It's not as if that's going to cause problems, using anything from Tularemia. The six people who read that book -- judging by the sales -- aren't going to cut into my potential audience a whole lot. Plus it's not a mystery. The bad guy is going to reveal what the caper is early in the book, and then it's a race to see if he can pull it off or they can stop him. 

Got almost five chapters in before I realized what the bad guy was up to. 

Fascinating how warped a writer's mind is, and how many ways there are to run at a story. 

P.S. Don't ask, don't tell, viz. what the bad guy is up to. Suffice it to say is is wicked-evil-bad.


Carissa said...

I'm fascinated. Let me know when it hits the shelves . . . or if you need a reader!

RM said...

Iffen ya's don't minds me askin', what are the Netforce books that were written by you?

Anonymous said...

Hell, I remember the Tularemia Gambit, the competition between the two talented friends; fun!

Steve Perry said...

Be a while before I get a draft done on this one, I'm only just getting a good head of steam going.

As for which Net Force books I wrote?

All of them. (Save for the YA versions.) Last couple, I had a collaborator -- Larry Segriff -- but he was already my editor.

And Tom Clancy and Steve Pieczenik, of course.

Worg said...

Were the Brush Vipers real? Am I right in thinking they were an abstraction for MauMau?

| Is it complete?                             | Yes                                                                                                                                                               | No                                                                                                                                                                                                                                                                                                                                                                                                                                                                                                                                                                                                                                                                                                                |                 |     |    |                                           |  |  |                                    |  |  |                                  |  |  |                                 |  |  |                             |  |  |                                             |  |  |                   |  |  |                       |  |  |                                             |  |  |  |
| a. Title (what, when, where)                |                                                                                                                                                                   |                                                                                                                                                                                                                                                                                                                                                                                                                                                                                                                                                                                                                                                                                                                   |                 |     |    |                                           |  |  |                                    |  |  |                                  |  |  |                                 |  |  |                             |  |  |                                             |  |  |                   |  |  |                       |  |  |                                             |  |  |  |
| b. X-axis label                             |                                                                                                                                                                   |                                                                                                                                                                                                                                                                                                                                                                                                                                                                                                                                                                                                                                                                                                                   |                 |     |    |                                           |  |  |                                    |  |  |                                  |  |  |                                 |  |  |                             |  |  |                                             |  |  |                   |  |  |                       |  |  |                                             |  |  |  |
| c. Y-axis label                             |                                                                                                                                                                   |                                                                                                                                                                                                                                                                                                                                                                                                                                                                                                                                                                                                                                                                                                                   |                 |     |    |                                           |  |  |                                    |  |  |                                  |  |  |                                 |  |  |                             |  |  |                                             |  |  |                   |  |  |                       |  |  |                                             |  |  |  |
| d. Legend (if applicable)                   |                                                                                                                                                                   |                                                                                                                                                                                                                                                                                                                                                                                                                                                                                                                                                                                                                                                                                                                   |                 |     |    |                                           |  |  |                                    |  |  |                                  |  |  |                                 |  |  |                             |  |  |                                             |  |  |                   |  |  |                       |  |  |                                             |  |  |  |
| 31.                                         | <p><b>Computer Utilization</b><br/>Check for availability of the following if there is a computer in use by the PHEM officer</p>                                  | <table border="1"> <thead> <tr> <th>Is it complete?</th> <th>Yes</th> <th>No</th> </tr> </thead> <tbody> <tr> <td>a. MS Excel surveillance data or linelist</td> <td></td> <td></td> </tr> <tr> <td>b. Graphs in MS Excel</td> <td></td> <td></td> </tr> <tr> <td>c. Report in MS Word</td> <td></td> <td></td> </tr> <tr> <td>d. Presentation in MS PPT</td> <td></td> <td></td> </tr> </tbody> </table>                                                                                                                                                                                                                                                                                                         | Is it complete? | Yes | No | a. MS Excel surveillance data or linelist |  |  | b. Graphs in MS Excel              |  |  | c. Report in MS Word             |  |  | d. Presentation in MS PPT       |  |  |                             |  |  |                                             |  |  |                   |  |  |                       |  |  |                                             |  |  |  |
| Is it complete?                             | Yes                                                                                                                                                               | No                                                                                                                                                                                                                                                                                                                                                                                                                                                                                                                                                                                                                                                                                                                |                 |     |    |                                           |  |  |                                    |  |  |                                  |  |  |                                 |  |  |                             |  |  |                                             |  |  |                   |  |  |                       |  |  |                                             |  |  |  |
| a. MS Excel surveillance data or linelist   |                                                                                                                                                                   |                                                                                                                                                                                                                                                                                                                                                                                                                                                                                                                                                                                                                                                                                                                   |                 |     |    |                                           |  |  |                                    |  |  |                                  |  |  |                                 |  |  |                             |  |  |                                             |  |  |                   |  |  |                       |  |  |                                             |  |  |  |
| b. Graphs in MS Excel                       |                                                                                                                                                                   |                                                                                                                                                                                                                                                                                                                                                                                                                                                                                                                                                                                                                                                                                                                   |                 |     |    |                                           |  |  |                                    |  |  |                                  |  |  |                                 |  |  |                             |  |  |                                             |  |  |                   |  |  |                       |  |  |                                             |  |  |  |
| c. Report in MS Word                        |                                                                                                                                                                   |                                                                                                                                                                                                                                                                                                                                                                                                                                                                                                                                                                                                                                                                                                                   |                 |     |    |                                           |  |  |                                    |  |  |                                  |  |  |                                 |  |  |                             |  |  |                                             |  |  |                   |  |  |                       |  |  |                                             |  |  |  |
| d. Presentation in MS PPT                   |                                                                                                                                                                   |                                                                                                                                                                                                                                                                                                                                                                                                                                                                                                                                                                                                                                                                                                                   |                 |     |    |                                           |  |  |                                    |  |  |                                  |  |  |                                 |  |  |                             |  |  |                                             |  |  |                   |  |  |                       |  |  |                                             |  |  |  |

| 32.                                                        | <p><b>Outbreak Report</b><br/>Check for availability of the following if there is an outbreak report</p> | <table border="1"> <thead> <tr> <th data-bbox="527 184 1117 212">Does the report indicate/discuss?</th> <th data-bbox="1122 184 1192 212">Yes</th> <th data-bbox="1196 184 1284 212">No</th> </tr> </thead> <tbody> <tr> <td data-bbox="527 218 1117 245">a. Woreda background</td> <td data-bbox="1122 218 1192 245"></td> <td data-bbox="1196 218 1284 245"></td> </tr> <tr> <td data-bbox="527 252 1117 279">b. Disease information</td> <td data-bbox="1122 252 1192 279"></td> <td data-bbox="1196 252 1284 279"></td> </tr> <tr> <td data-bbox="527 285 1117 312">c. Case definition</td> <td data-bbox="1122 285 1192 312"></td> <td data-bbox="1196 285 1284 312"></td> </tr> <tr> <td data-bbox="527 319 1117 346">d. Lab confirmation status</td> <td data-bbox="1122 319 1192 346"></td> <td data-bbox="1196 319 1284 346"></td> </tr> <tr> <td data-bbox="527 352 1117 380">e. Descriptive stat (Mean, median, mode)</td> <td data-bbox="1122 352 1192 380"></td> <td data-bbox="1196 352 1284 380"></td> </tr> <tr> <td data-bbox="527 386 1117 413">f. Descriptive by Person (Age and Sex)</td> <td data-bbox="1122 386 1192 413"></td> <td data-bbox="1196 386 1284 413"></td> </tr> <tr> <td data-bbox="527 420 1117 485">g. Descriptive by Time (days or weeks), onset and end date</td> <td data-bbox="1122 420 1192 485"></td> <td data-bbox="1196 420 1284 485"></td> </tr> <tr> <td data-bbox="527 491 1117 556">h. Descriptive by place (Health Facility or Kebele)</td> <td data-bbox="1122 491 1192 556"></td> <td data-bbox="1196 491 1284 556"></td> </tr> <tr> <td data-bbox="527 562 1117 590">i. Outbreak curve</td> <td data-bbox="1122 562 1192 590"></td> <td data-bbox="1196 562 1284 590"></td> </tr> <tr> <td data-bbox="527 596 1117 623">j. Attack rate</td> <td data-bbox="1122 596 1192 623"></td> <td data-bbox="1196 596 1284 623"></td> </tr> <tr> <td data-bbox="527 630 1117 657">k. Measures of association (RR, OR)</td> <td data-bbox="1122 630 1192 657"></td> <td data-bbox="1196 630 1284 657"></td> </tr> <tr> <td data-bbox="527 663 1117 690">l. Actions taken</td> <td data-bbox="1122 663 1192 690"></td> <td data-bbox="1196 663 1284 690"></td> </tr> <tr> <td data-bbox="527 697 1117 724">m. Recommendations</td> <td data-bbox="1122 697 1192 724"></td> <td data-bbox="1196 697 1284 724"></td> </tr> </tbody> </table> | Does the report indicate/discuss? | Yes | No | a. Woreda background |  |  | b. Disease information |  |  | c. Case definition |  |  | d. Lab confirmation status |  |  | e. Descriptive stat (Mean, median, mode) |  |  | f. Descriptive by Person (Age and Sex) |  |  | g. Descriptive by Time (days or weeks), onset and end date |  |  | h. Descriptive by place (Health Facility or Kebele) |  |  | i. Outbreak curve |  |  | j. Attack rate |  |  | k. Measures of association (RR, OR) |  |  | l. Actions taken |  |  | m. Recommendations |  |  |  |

Steve Perry said...

Brush Vipers. I dunno. I'd go with fictional, but the thing about secret black bag agencies is kind of like Grand Conspiracy Theory -- if they exist and work as they should, you would never hear about them.

Those zionists in that secret HQ in Geneva who supposedly run the world? No way. Anybody smart enough to actually run everything would be smart enough to stay completely invisible. (And, I have to say, they'd probably do a lot better job than the way it's being run now ...)

If I use the FBI or CIA or NSA in a book, there are constraints built-in. Better to postulate some black-bag unit under their aegis, with which you can play fast and loose, ala Net Force, or one that is completely fictional you can make anything you want. Men in Black.

There is a Delta Force and Grey Fox and such, but The Unit avoids having to deal with their Rules of Engagement ...